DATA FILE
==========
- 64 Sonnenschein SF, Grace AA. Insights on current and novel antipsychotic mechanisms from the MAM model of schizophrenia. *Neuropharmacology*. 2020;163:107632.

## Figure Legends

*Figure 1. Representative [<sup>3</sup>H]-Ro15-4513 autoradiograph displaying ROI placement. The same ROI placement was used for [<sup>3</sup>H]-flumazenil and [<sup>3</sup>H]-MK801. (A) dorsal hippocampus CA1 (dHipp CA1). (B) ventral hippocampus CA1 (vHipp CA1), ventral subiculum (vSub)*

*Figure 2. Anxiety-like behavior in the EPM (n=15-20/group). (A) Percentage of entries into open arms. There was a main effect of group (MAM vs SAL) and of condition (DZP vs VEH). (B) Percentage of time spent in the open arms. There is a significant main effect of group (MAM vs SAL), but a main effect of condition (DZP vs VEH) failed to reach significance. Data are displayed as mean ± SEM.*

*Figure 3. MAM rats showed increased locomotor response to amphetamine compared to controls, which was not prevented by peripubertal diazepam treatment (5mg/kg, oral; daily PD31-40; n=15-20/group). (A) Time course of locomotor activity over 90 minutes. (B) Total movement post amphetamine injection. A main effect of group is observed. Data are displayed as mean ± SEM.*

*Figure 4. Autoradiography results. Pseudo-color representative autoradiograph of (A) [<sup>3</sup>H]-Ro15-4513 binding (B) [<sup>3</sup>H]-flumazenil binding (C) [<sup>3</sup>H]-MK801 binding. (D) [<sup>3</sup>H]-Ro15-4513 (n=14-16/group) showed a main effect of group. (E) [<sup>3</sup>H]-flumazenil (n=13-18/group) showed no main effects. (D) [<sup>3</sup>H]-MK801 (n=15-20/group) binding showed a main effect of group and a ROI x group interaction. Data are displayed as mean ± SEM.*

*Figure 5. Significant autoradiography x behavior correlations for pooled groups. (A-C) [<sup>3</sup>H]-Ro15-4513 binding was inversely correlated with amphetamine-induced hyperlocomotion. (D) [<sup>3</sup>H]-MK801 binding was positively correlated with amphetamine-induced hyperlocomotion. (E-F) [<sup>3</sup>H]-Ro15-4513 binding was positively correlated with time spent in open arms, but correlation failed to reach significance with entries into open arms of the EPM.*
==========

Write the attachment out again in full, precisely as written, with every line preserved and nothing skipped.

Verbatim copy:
- 64 Sonnenschein SF, Grace AA. Insights on current and novel antipsychotic mechanisms from the MAM model of schizophrenia. *Neuropharmacology*. 2020;163:107632.

## Figure Legends

*Figure 1. Representative [<sup>3</sup>H]-Ro15-4513 autoradiograph displaying ROI placement. The same ROI placement was used for [<sup>3</sup>H]-flumazenil and [<sup>3</sup>H]-MK801. (A) dorsal hippocampus CA1 (dHipp CA1). (B) ventral hippocampus CA1 (vHipp CA1), ventral subiculum (vSub)*

*Figure 2. Anxiety-like behavior in the EPM (n=15-20/group). (A) Percentage of entries into open arms. There was a main effect of group (MAM vs SAL) and of condition (DZP vs VEH). (B) Percentage of time spent in the open arms. There is a significant main effect of group (MAM vs SAL), but a main effect of condition (DZP vs VEH) failed to reach significance. Data are displayed as mean ± SEM.*

*Figure 3. MAM rats showed increased locomotor response to amphetamine compared to controls, which was not prevented by peripubertal diazepam treatment (5mg/kg, oral; daily PD31-40; n=15-20/group). (A) Time course of locomotor activity over 90 minutes. (B) Total movement post amphetamine injection. A main effect of group is observed. Data are displayed as mean ± SEM.*

*Figure 4. Autoradiography results. Pseudo-color representative autoradiograph of (A) [<sup>3</sup>H]-Ro15-4513 binding (B) [<sup>3</sup>H]-flumazenil binding (C) [<sup>3</sup>H]-MK801 binding. (D) [<sup>3</sup>H]-Ro15-4513 (n=14-16/group) showed a main effect of group. (E) [<sup>3</sup>H]-flumazenil (n=13-18/group) showed no main effects. (D) [<sup>3</sup>H]-MK801 (n=15-20/group) binding showed a main effect of group and a ROI x group interaction. Data are displayed as mean ± SEM.*

*Figure 5. Significant autoradiography x behavior correlations for pooled groups. (A-C) [<sup>3</sup>H]-Ro15-4513 binding was inversely correlated with amphetamine-induced hyperlocomotion. (D) [<sup>3</sup>H]-MK801 binding was positively correlated with amphetamine-induced hyperlocomotion. (E-F) [<sup>3</sup>H]-Ro15-4513 binding was positively correlated with time spent in open arms, but correlation failed to reach significance with entries into open arms of the EPM.*